A fun Combat! blog experiment


Props to Sid for inspiring today’s fun experiment by surprising me with work this morning. Kombat! Klients: please call and ask for quick turnarounds on short notice, as I will do that shit and bill you richly. There is no Combat! blog today, because I am a professional writer who solves problems in exchange for money. Hire me, and I will meet your deadline even at the expense of my own projects. Anywhom, more than one of you sent me this article about what’s wrong with academic writing. I have a lot to say about it, but lately I’ve been trying to stay away from pieces that can be described as “here’s what I think about this article.” I’m already presumptuous to think people want my opinions on arbitrarily selected topics; to ask them to read primary-source documents seems narcissistic. But this once, we could all read the linked article today and talk about it tomorrow, and see how we like that. Maybe there could be a Combat! reading club, like a book club but where we all read. Until that day. Which is tomorrow—until tomorrow.

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  1. I read the source article as soon as you link to it, that way I can see how far your rhetoric moves me from my original interpretation. But you’re right, it makes you a prick. I would also participate in a book club. First book I propose is Why Nations Fail (http://whynationsfail.com/), because it’s an interesting romp through history and is adequately high-level that two readers could argue about its conclusions purely from their values. A more rigorous argument leaves less room for non-technical interpretation.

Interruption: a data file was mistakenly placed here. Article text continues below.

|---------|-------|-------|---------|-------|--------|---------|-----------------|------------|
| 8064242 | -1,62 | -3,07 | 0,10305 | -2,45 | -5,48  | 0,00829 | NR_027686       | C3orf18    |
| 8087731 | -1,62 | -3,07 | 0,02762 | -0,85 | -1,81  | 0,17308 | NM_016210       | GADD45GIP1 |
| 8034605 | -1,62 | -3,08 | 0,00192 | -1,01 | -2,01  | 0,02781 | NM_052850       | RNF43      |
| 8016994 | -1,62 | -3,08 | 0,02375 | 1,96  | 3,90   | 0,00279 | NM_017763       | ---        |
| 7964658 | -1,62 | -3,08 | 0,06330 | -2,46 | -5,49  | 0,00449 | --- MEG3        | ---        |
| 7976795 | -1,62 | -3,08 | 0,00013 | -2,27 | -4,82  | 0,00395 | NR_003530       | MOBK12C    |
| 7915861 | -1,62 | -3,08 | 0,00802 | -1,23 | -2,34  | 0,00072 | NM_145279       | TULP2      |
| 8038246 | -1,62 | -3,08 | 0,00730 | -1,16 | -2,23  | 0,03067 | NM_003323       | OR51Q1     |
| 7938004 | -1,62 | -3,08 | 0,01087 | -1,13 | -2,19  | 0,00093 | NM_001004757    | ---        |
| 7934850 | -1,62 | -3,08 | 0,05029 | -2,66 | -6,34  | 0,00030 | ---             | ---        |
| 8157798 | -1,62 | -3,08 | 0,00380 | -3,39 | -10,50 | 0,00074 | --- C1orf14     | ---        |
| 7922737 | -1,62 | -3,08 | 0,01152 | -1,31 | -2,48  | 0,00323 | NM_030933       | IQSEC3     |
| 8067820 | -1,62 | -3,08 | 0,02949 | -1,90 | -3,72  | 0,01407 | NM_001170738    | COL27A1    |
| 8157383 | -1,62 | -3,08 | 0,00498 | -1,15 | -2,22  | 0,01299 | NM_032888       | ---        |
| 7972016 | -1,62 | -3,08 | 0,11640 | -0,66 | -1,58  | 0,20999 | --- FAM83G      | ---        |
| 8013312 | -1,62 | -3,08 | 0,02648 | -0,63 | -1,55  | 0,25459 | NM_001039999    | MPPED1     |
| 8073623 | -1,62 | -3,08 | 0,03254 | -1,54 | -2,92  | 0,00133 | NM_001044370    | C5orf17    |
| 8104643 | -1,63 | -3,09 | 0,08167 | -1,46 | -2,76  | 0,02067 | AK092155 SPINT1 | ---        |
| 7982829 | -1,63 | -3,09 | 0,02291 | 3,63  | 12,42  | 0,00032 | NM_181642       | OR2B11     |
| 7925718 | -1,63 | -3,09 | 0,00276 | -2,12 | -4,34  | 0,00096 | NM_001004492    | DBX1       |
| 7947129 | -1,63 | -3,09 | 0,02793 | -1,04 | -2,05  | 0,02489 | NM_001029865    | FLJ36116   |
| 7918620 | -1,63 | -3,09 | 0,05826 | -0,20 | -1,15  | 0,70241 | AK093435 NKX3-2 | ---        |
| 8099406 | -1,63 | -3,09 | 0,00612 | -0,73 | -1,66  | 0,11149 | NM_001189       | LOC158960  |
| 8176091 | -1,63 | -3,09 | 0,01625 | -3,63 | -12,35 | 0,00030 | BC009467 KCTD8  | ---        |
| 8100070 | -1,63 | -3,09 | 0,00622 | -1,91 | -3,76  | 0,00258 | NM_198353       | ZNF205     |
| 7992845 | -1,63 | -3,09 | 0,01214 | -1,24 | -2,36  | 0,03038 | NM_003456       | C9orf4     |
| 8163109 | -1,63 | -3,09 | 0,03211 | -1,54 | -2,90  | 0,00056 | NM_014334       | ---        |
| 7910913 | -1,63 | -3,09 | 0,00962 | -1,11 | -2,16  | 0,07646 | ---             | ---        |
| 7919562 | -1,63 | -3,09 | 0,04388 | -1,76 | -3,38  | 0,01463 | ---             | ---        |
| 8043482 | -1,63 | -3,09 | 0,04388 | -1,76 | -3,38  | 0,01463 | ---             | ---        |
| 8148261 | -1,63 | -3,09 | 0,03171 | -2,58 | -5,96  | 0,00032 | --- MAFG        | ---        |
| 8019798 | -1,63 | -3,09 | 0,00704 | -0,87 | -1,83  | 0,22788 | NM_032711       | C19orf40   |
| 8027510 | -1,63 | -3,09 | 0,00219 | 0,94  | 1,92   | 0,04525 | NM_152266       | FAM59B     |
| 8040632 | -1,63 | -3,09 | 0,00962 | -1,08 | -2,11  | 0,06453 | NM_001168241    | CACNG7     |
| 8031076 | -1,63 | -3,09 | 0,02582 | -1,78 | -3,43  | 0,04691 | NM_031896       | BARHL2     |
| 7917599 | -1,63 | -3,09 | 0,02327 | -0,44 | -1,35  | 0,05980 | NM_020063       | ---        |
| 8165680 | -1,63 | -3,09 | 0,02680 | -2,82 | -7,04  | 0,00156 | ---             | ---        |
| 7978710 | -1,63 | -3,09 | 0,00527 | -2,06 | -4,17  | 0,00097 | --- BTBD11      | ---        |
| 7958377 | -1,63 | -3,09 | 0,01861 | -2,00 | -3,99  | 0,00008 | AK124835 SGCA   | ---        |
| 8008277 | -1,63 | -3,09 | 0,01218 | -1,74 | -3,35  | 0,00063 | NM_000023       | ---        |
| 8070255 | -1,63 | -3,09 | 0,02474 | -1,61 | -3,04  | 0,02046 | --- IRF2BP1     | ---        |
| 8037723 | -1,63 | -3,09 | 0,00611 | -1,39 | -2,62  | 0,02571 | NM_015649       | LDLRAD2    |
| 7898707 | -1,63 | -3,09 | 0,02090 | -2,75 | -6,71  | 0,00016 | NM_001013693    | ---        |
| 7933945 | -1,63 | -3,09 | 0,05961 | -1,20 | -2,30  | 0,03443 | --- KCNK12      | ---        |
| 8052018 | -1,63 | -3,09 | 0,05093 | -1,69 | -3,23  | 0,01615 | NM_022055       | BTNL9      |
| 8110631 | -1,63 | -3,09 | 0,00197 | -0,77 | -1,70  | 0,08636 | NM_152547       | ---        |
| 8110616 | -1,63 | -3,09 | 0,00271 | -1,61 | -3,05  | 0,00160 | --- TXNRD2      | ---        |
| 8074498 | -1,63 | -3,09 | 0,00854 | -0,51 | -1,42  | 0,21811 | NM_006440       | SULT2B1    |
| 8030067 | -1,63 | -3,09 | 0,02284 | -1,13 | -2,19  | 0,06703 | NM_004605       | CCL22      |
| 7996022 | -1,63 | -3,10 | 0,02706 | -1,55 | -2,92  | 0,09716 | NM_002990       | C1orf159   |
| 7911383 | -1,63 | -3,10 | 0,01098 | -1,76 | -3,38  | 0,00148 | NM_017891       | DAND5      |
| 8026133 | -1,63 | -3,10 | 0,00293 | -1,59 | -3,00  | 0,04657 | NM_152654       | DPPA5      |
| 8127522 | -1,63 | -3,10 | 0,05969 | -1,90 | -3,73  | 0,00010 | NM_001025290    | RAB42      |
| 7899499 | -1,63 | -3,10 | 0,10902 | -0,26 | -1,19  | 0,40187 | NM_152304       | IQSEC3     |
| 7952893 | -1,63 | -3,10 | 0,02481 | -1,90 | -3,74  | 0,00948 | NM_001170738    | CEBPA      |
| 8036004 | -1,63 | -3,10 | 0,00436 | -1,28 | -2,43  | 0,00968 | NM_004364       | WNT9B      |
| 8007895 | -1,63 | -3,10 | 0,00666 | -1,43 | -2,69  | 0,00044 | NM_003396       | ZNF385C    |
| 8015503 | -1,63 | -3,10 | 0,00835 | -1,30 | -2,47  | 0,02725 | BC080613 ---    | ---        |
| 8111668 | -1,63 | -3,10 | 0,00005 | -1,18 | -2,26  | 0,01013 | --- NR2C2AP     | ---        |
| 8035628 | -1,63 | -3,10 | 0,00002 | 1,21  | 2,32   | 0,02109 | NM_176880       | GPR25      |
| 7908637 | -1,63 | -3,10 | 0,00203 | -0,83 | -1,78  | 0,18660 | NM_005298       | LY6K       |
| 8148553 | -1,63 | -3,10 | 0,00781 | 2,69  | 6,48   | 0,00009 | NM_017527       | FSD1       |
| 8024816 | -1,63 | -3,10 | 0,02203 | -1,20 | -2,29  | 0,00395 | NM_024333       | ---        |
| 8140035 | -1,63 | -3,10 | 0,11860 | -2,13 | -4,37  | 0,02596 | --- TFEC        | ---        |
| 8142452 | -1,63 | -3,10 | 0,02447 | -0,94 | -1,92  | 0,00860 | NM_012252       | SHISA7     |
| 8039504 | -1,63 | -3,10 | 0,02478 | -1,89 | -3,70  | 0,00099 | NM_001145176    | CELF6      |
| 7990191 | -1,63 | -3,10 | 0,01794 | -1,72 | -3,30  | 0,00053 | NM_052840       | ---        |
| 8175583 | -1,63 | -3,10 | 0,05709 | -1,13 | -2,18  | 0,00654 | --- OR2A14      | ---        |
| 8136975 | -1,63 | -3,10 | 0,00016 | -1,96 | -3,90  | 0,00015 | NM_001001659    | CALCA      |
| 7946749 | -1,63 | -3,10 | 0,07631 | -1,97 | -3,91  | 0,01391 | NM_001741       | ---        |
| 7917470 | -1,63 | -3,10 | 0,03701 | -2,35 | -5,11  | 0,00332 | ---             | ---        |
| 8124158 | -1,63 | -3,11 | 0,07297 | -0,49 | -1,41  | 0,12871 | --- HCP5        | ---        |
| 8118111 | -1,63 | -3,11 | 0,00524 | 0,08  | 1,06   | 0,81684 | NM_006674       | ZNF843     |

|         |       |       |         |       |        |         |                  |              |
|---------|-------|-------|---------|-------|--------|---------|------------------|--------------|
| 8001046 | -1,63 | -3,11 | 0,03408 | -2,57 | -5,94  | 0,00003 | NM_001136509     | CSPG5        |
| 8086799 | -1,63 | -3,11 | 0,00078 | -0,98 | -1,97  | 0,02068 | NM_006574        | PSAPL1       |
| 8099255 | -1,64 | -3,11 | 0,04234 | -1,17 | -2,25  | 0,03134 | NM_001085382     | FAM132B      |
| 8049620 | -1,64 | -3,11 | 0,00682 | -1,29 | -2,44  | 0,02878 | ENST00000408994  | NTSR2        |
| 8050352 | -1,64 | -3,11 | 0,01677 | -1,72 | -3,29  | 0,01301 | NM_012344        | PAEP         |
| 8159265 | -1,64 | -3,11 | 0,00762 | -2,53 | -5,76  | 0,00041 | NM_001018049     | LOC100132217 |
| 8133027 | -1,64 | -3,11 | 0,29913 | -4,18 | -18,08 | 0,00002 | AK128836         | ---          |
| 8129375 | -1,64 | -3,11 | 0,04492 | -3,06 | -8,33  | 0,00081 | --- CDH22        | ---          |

2. Pinker’s article conflates writing an academic article with an academic person writing a popular piece. Most of the stuff Pinker complains about is actually useful to have in an academic article. It’s not beautiful or entertaining, but it’s useful. Academics should write an academic piece and then write a more popular piece based on it if they want to reach the latter audience.

    The biggest sin of academic writing is the pervasive use of the subjectless passive, especially in the sciences. It is a problem not because it sounds like shit, which it does, but because it fails to convey important information.

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